Just before midnight, October 19th 1906, workers who had been installing a new system in the organ saw flames in the window. Soon fire raged through the building. Glass shattered, flames leapt through the roof, the towers acted as great chimney belching smoke… silver streams of molten lead poured into the church… Selby Abbey was burning. It wasn’t the first time.
There had been a fire too in 1340 which had caused extensive damage. Parts of the church had never recovered. This time, however, the damage was worse. Fire crews battled to save the Abbey. A special crew were dedicated to an attempt to preserve the great treasure of the East window, keeping it cool and wet against the flames in a desperate effort to protect the fourteenth century glass.
The roof of the choir and the belfry were destroyed, as was the interior woodwork and much of the glass. A peal of eight bells in the tower had melted. The devastation of the Abbey, which had survived so long, seemed complete. Given the level of destruction, it would have been understandable if only a chapel had been preserved for future worship and the rest allowed to fall into ruin. The people of Selby, however, had other ideas.
Within hours, a restoration fund had been established. Money poured in from across the country. Townsfolk stood at the gates of the Abbey and held sheets into which visitors threw money. The Abbey, it seemed, would, like the proverbial phoenix, rise once more from its own ashes.
“…And so long as you haven’t experienced
this: to die and so to grow,
you are only a troubled guest
on the dark earth.”
The restoration began. The foundations, laid on a meagre three feet of sand, had caused collapse in 1690. At that time the central tower had collapsed, destroying the south transept, and while the tower had been rebuilt, the transept had remained in ruins. Sir George Gilbert Scott had restored the church in the nineteenth century, but it was not until the fire of 1906 that a complete restoration was undertaken.
Every scrap of flame-blackened stone had to be cleaned. Woodwork and glass needed to be painstakingly replaced. Yet work progressed rapidly. The nave was rededicated within a year. The tower restored within three. The south transept, which had never been rebuilt after the collapse in 1690 was rebuilt, funded by William Liversedge and reopened in 1912. John Oldrid Scott supervised the painstaking task of bringing the Abbey back to its former glory, conserving and preserving its fabric and beauty for the future. In 1935 Charles Marriott Oldrid Scott raised the height of the west towers and, for the first time in its history, the Abbey was finally complete, consolidated and able to show its true beauty to the world undamaged.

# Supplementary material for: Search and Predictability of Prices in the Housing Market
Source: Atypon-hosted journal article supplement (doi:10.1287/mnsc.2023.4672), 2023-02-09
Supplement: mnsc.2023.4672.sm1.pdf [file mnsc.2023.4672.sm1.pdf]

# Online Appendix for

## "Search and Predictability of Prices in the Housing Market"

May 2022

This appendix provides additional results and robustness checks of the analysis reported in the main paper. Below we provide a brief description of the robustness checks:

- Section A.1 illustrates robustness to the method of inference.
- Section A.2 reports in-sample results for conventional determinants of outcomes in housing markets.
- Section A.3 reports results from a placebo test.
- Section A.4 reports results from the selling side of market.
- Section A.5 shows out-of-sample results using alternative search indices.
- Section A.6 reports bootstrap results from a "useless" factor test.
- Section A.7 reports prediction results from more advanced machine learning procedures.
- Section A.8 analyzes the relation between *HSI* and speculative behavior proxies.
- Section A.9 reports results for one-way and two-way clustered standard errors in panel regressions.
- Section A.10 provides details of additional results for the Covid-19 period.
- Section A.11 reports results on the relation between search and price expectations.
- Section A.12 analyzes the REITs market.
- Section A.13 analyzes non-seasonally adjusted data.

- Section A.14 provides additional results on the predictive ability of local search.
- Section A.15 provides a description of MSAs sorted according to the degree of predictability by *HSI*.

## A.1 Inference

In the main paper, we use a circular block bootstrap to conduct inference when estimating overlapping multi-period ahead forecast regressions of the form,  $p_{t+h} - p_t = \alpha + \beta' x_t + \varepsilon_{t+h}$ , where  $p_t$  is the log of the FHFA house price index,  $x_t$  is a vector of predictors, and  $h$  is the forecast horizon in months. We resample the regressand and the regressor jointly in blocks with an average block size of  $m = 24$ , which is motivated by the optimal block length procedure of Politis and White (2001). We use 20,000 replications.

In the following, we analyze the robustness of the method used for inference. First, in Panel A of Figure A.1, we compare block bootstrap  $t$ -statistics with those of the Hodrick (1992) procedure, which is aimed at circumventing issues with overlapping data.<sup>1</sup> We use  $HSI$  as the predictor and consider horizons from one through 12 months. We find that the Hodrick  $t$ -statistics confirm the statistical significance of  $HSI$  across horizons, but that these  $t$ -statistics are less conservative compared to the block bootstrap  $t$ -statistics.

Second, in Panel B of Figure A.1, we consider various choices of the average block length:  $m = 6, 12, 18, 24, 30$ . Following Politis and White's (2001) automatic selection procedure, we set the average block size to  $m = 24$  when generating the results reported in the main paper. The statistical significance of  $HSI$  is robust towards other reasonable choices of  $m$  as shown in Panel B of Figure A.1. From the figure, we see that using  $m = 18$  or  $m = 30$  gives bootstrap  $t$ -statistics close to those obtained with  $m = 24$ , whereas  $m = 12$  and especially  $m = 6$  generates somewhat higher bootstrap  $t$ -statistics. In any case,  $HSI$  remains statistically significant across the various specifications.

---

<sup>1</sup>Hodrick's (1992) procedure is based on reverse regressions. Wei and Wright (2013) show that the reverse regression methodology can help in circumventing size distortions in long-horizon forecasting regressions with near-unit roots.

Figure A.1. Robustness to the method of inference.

It is only because of the flames that the church was able to be reborn, whole and complete. Without the disaster, would it simply have known the constant struggle against time and decay that is familiar to us all? From apparent devastation, something beautiful emerged, a butterfly from the cocoon. This too is part of the human story… who amongst us has not seen those radiant ones who come through disaster to shine the light of the human spirit and inspiration into the dark corners of our own despair?
A thousand years of history lie in these stones. Two thousand years of faith echo in these quiet chapels as whispered prayers. It was the love of the local people for this scarred and ravaged beauty that gave her once more the strength to shed her veil and stand proud and glorious to face the world. Love can work miracles. From ruin to the delicate bridal veil of light and colour she was brought, reborn and clean, made whole through love.